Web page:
A mezz’ala is an Italian ‘half-wing’; usually deployed on either side of a midfield trio, their purview extends to freely supporting attacks and providing creativity while often being afforded some license to wander and act on their instincts. For 4 glorious years in Turin, Paul Pogba was Serie A’s premier exponent of the mezz’ala. Overwhelmingly dynamic, unplayably exuberant and regularly running his own goal of the season competition. The young(er) Pogba was a phenomenon.
Although his effectiveness diminished slightly during his final months with Italy’s Old Lady, the then world record fee of nearly £90m Manchester United paid for him seemed only natural. While the Frenchman has often proved his ability and worth in Manchester since, the exhilarating form Juve fans enjoyed has been seen increasingly infrequently. Frustratingly ineffective again in Jose Mourinho’s side’s 1-0 loss at Newcastle, his ability to adapt to Mourniho’s regimented systems remains doubtful and continues to unbalance a side struggling to meet the most grandiose of expectations.
“No problem,” insisted Mourinho, “I wanted a better way to come out in the first phase against a side that was defending in a very compact block.” For the second time in three games, having been rested for the game with Huddersfield, Paul Pogba was dragged off after an hour with his side struggling. The uncharacteristically lacklustre performance at Wembley in the 2-0 loss to Spurs descended further into disappointment with another anonymous display at St James’ Park. Also complicit in the weak defending that allowed Matt Ritchie to, eventually, win the game for Newcastle, Pogba had failed to challenge Kevin Lejune’s flick on.
Although flirting with a trio of centre backs at times this season, in both games United started with the same 11 in a strict 4231 setup, Pogba employed alongside Nemanja Matic at the base of the midfield in classic Mourinho style. In partnering Matic, Pogba’s responsibilities are unwavering and force him into a disciplined role of aiding the Serbian in protecting the back four and, supposedly, initiating attacks from deep. Although Pogba’s mobility and vision may seemingly lend him to this position, the way in which he, at his best, uses those abilities does not.
In his Sunday morning column before the Newcastle trip, Graeme Souness, perhaps unsurprisingly, bemoaned what he sees as Pogba playing “like a schoolboy, running after the ball in the playground”. Although that may carry an element of truth, Pogba’s irrepressible style and joyful exuberance is what made him such compelling viewing in Serie A and aided his effectiveness rather than hindered it. Putting him in a box and constraining him with rules and responsibilities inhibits his ability to affect the game, although his undoubted talent means he is able to perform the role somewhere close to adequately, it is not what made him great.
Pogba’s best displays at United in recent months have come when he has been allowed more freedom alongside Matic in more straight forward home games, against Stoke for example when he ran the game and provided a pair of assists in a 3-0 win, or the 2-0 away win at Everton where the addition of Ander Herrera in a midfield three allowed him in to slip back into his well worn mezz’ala role, again controlling the game in what is a slightly more advanced role, often forging down the inside left channel as he did for Juventus. The use of three central defenders and the greater security provided also him a little more scope to follow his instincts, leading to better displays.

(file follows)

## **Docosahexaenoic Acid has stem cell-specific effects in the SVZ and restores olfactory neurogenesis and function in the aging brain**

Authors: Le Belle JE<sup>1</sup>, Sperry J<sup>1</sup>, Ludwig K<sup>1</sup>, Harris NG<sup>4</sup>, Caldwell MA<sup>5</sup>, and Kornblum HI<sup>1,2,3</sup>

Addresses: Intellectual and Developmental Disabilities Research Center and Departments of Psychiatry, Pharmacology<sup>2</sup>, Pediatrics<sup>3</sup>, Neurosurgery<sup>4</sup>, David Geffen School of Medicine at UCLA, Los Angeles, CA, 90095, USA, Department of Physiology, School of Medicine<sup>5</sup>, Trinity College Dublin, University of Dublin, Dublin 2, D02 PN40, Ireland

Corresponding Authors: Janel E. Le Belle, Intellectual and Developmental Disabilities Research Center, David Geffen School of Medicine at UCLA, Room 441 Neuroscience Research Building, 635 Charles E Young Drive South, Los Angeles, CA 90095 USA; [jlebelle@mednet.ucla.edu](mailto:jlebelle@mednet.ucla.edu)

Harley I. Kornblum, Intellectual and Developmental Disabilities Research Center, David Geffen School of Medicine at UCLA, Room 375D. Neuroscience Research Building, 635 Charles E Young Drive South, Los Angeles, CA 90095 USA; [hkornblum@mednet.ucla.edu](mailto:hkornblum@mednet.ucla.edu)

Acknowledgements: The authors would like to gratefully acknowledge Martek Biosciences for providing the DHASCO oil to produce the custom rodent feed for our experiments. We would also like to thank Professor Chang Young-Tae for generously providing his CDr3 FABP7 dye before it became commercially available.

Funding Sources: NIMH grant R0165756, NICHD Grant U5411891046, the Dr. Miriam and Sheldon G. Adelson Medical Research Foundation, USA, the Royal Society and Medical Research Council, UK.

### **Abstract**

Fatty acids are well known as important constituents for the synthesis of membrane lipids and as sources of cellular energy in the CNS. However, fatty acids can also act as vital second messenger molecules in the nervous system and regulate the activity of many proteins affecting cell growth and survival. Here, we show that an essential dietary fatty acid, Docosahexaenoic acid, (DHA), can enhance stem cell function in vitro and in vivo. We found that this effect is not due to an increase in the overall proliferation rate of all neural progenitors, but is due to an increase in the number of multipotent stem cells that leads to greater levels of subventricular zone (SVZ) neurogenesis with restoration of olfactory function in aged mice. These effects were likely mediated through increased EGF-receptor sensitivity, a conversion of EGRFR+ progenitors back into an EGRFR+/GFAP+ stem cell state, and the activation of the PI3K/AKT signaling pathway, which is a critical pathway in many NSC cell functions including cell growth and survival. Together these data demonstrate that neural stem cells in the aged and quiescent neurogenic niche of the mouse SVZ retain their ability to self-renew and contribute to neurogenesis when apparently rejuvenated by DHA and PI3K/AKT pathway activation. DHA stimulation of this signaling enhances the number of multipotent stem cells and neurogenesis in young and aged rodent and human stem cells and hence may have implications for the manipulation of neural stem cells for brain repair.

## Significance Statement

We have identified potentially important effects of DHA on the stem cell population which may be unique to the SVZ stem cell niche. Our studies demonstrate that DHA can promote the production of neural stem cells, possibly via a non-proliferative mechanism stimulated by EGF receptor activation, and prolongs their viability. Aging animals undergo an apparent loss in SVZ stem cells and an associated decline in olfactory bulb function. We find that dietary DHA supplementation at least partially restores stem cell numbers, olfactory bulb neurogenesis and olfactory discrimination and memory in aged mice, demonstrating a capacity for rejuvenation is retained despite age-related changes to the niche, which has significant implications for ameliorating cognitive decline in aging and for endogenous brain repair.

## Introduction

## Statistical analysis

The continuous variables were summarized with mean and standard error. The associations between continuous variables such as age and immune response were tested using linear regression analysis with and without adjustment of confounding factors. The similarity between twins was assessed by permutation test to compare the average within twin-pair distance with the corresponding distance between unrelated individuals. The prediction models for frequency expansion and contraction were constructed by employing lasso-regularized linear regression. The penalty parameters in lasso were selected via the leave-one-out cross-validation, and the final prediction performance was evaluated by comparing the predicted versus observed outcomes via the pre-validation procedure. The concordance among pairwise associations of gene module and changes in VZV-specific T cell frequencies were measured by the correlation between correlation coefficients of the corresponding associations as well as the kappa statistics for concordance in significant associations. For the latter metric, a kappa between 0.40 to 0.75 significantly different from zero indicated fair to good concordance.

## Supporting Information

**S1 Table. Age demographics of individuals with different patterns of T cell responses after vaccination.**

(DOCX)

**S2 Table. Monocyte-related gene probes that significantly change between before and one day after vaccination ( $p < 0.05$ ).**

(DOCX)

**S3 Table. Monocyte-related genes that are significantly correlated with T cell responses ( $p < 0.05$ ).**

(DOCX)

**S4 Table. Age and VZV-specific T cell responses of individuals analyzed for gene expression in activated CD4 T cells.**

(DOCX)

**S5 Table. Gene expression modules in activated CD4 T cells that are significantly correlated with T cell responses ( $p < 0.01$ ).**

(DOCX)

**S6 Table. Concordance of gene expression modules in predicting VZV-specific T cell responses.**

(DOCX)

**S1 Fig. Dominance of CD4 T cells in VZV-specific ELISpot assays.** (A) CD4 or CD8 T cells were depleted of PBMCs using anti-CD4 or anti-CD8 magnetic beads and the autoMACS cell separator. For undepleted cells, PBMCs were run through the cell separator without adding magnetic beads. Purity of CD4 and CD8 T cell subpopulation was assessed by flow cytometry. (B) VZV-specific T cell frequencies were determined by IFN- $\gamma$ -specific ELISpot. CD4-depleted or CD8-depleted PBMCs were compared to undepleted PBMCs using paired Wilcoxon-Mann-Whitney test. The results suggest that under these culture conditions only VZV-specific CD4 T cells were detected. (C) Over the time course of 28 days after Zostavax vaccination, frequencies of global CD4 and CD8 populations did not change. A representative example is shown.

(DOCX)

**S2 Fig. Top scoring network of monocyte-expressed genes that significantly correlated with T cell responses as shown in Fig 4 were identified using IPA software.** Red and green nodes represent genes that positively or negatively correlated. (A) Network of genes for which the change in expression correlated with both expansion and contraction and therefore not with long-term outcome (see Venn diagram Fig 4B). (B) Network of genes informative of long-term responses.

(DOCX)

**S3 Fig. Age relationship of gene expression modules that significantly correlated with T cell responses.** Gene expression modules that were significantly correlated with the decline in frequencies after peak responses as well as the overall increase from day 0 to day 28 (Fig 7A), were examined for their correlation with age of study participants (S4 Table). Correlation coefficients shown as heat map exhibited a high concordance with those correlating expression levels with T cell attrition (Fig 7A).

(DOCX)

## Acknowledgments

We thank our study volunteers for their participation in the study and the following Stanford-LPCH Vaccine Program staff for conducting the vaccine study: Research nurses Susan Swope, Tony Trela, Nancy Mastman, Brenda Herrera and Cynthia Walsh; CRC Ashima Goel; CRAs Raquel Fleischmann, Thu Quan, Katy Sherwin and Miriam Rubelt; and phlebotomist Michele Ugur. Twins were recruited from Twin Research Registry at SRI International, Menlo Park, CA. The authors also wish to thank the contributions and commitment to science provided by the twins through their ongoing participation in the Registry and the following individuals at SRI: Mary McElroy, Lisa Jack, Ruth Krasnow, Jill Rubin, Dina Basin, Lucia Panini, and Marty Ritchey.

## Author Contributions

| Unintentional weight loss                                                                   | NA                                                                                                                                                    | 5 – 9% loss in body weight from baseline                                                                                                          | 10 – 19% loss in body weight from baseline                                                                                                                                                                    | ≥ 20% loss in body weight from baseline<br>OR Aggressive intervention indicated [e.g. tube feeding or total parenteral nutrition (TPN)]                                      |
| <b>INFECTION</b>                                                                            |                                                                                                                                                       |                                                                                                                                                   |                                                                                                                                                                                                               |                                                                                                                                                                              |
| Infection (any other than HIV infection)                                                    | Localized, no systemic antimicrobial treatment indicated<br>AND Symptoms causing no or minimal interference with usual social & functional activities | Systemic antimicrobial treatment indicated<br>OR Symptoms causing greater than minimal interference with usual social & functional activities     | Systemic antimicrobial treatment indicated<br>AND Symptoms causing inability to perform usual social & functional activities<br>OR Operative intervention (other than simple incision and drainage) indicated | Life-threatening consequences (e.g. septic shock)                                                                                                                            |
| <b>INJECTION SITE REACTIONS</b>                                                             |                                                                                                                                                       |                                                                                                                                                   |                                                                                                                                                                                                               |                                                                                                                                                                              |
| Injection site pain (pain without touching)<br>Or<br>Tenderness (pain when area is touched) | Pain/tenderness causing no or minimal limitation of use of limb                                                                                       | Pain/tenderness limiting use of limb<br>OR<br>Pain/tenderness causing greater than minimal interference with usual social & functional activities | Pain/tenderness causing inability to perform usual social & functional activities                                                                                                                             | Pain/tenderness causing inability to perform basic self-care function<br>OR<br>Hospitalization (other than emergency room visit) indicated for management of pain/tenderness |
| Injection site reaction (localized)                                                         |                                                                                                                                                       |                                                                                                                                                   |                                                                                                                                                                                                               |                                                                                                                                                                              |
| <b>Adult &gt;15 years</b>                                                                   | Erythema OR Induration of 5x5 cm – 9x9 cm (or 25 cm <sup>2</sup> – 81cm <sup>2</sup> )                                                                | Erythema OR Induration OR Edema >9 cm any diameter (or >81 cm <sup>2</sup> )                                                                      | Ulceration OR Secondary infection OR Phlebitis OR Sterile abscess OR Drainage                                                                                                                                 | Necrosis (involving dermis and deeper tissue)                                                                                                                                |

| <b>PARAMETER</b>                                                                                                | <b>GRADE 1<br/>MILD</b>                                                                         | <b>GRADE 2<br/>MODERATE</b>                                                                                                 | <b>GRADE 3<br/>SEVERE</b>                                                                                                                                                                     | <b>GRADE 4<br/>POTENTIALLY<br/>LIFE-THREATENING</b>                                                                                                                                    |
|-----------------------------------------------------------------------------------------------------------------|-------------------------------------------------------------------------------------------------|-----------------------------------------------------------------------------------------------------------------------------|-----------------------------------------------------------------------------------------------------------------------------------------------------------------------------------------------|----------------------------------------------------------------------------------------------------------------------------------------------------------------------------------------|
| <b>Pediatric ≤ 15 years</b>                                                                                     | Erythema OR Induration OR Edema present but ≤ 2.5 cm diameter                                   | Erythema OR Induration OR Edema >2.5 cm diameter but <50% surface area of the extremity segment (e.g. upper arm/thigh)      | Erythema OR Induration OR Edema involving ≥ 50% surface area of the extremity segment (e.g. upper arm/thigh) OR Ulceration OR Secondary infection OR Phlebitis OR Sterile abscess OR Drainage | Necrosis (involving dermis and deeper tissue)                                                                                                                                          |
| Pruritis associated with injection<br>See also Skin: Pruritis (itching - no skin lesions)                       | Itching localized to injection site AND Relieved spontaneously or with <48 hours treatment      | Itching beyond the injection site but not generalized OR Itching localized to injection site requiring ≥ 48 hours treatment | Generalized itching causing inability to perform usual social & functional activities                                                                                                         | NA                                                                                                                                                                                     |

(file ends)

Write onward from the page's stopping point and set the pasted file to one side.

It’s Mourinho’s rigidity, the way he uses the Frenchman in his go-to 4231 set up, usually for more challenging away games, and his insistence on playing Pogba deep and limiting his natural tendency to express himself that continues to bind United’s number 6. Changing tact, however, would also raise issues. Simply moving Pogba forward into the number 10 role, although preferable, wouldn’t necessarily help in the long term. To drop the Frenchman into the classic attacking midfielder bracket suited to playing off a striker would also misinterpret his abilities, he isn’t the jinking orchestrator that the role needs while Jesse Lingard’s form behind the centre forward, admittedly interpreting the position a little differently too, means that this would do more damage than good.
Pogba’s Les Bleu from also draws parallels to his current United displays. Throughout Euro 2016 Pogba was often criticised for not affecting the game as he might, although perhaps a little harshly, and was again often dragged deeper into midfield alongside Blaise Matuidi or Ngolo Kante, his obligatory defensive duties blunting the flamboyant forward thinking performances that were expected. His L’Equipe ratings perhaps underline his effectiveness, averaging 5.5 across the tournament and never surpassing 6, which is still respectable for the famously harsh markers, but nevertheless he was unable to truly impose himself.
The addition of Alexis Sanchez to a pool of potential wide attackers including Marcus Rashford, Anthony Martial (although both natural strikers in truth) and Lingard means that Mourinho is now even more able to use an outright 433 and return Pogba to the left of a midfield three should he see fit, a move Pogba himself reportedly has been asking for in recent weeks. However this would likely be at the expense of Lingard and would mean moving the England international out wide which, while this his natural position, it is proving not to be his best, or maybe, harshly, dropping him entirely and adding Herrera to the midfield. Pogba needs to be given back the freedom Max Allegri afforded him in Italy, to push into advanced areas and support the front three. Pogba may never become a versatile player but he’s the best in the world in the one position that truly suits him.